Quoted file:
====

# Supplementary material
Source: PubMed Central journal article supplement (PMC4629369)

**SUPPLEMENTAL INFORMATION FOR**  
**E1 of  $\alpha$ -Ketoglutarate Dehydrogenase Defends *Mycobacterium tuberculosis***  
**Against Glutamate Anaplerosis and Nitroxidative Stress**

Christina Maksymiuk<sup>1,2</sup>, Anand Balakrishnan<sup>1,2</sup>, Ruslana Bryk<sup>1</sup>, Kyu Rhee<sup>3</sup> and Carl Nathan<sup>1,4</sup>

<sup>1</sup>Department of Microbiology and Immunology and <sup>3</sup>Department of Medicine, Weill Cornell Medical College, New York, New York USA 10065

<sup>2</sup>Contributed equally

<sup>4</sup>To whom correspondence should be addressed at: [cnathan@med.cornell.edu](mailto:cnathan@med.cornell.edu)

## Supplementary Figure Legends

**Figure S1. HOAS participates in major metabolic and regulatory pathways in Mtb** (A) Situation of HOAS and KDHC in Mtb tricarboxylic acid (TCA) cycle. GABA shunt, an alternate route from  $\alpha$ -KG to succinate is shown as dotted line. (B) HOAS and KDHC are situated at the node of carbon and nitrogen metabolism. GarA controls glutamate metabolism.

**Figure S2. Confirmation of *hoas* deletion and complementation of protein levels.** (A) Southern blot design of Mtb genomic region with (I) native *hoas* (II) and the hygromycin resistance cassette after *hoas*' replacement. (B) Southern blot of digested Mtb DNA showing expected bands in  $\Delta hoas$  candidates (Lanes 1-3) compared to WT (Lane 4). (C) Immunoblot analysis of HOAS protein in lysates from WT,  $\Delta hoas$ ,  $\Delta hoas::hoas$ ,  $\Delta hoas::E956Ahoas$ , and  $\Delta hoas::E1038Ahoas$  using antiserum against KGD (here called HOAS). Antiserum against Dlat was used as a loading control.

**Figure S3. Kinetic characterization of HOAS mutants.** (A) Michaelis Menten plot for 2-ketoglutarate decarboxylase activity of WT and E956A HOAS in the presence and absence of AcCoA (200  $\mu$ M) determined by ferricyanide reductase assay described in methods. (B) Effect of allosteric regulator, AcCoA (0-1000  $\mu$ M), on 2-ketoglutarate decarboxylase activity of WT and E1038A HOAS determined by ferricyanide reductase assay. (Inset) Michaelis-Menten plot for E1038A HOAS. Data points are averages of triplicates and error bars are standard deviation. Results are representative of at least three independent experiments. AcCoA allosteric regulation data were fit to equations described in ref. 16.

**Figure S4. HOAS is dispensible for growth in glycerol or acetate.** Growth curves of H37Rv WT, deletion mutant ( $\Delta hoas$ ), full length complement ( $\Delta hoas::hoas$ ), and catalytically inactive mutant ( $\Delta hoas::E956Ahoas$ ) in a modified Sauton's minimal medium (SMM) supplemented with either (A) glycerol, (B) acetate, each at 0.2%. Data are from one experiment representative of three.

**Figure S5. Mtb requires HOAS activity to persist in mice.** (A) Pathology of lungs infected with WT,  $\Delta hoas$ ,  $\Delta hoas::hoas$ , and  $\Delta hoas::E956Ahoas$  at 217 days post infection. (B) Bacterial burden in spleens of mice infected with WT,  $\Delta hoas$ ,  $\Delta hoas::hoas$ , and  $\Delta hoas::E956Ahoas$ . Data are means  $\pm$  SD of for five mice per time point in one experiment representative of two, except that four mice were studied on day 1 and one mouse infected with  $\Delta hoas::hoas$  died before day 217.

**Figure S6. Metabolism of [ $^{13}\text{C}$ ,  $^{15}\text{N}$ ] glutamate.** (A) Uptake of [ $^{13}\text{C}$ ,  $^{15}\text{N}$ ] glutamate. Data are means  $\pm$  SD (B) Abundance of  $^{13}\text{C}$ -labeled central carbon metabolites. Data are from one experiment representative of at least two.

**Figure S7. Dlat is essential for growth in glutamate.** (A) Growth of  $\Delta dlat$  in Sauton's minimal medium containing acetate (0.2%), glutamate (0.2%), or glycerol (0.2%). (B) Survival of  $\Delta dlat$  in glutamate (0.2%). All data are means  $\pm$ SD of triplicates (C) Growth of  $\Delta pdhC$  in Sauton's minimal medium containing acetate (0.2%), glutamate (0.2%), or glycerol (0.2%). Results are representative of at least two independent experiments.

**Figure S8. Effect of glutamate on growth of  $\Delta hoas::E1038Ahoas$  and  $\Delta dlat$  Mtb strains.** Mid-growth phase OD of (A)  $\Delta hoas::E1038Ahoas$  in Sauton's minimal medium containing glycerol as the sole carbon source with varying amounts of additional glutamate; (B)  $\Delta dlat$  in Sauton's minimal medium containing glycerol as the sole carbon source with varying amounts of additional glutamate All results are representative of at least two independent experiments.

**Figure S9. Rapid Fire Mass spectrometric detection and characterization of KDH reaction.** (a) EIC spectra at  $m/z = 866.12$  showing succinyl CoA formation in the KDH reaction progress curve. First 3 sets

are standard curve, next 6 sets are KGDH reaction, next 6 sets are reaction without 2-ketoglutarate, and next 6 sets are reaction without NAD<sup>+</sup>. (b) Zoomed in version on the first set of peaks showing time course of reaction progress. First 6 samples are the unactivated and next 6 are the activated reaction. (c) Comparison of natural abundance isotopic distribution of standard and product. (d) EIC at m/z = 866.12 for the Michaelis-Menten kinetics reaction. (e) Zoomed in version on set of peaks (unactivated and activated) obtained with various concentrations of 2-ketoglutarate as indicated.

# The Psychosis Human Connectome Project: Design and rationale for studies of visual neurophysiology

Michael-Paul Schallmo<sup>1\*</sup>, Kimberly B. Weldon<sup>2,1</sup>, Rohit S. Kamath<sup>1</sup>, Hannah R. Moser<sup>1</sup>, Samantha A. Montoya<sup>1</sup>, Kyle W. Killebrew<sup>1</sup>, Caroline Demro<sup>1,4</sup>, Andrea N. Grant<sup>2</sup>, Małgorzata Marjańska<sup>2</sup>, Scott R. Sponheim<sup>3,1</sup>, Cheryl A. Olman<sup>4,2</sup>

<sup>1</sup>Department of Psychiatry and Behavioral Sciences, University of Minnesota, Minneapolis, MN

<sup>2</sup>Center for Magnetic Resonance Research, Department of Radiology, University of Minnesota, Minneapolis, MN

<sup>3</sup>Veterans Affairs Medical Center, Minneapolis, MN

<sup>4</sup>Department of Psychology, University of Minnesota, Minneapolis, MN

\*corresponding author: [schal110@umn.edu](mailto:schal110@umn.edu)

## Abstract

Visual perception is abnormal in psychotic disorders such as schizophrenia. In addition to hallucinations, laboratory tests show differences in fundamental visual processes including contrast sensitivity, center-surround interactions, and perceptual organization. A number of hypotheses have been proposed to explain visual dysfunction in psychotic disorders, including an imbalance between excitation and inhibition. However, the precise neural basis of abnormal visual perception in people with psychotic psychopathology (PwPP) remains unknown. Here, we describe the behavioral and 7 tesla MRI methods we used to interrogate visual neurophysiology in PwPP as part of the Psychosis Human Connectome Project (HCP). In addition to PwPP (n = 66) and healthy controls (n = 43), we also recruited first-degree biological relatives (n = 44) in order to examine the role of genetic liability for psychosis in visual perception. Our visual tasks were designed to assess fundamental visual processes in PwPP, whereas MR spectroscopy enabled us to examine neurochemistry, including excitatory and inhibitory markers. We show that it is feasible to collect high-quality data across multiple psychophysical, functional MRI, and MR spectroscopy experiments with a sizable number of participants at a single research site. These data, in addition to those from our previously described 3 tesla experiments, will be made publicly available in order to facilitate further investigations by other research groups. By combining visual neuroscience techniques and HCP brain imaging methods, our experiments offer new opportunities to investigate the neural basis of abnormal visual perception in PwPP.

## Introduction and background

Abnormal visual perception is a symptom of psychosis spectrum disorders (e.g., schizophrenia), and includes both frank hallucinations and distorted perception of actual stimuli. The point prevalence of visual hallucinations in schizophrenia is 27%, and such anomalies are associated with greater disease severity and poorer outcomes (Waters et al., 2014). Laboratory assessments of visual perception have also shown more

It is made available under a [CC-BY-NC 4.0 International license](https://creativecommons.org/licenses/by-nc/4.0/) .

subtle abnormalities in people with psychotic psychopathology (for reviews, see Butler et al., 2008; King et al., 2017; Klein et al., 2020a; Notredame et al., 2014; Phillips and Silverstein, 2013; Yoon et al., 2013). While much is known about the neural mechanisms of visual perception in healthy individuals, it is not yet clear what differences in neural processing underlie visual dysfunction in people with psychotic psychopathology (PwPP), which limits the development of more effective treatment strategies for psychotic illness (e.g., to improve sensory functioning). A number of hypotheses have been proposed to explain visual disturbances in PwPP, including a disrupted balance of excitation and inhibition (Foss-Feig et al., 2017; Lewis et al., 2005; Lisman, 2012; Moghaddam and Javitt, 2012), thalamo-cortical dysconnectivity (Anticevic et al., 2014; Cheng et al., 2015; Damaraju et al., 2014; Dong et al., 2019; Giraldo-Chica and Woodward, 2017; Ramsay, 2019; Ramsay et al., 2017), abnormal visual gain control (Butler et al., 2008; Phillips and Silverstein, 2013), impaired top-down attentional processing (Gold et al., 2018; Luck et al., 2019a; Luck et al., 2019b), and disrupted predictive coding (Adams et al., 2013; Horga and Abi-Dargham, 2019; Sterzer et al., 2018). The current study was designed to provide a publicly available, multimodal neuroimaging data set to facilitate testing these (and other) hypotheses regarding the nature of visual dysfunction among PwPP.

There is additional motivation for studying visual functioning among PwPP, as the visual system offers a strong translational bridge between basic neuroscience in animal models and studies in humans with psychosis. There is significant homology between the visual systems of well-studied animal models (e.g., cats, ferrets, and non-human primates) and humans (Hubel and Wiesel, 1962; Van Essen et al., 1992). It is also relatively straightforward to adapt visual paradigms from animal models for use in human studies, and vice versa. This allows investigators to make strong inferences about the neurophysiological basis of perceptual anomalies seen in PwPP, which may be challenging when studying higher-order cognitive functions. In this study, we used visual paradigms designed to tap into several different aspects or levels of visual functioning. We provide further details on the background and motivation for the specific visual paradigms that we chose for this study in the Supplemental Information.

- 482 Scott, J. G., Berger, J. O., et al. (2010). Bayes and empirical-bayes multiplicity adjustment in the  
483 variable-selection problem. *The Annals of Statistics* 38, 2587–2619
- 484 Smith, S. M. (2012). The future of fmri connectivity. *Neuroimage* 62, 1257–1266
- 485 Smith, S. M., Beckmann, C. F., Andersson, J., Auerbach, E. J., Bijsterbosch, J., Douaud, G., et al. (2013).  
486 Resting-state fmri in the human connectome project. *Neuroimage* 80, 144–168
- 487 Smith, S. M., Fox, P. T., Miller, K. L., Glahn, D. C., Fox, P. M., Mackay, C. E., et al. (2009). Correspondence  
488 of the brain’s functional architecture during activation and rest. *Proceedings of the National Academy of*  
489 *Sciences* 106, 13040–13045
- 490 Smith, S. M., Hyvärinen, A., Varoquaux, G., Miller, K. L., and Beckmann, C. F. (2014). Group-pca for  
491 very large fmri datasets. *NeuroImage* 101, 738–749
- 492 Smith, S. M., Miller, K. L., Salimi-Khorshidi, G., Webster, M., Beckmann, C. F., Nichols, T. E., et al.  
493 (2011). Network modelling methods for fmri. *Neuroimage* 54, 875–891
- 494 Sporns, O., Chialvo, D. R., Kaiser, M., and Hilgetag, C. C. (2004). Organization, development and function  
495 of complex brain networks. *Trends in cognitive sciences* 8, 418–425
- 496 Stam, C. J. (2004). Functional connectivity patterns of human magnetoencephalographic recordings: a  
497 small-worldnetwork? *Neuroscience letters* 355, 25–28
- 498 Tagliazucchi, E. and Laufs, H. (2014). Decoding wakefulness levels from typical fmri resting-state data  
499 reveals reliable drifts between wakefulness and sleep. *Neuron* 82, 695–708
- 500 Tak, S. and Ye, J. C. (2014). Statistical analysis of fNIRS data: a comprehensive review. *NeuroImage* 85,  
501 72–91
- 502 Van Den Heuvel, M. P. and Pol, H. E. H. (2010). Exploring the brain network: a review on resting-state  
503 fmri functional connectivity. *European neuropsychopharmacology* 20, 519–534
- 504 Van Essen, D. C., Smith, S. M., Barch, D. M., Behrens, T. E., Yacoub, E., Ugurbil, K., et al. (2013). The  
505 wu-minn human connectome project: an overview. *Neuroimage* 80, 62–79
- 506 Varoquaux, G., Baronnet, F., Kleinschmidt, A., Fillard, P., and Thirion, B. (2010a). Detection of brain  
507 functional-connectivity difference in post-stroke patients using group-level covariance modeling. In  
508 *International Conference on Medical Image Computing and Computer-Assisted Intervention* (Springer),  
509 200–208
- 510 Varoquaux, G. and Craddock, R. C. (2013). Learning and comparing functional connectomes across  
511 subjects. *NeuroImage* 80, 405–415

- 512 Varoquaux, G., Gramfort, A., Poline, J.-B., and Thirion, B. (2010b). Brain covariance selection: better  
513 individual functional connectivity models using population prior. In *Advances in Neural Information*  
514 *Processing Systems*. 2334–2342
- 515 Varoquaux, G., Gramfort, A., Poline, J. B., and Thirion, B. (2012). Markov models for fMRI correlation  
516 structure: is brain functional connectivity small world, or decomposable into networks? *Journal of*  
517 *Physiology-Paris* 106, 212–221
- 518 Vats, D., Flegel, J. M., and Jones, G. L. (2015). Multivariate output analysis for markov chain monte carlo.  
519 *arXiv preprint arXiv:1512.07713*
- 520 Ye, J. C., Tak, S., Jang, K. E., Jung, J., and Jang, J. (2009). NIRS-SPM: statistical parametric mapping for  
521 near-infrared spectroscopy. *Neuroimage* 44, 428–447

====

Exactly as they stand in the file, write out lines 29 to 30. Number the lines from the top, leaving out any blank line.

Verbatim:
Visual perception is abnormal in psychotic disorders such as schizophrenia. In addition to hallucinations, laboratory tests show differences in fundamental visual processes including contrast sensitivity, center-surround interactions, and perceptual organization. A number of hypotheses have been proposed to explain visual dysfunction in psychotic disorders, including an imbalance between excitation and inhibition. However, the precise neural basis of abnormal visual perception in people with psychotic psychopathology (PwPP) remains unknown. Here, we describe the behavioral and 7 tesla MRI methods we used to interrogate visual neurophysiology in PwPP as part of the Psychosis Human Connectome Project (HCP). In addition to PwPP (n = 66) and healthy controls (n = 43), we also recruited first-degree biological relatives (n = 44) in order to examine the role of genetic liability for psychosis in visual perception. Our visual tasks were designed to assess fundamental visual processes in PwPP, whereas MR spectroscopy enabled us to examine neurochemistry, including excitatory and inhibitory markers. We show that it is feasible to collect high-quality data across multiple psychophysical, functional MRI, and MR spectroscopy experiments with a sizable number of participants at a single research site. These data, in addition to those from our previously described 3 tesla experiments, will be made publicly available in order to facilitate further investigations by other research groups. By combining visual neuroscience techniques and HCP brain imaging methods, our experiments offer new opportunities to investigate the neural basis of abnormal visual perception in PwPP.

## Introduction and background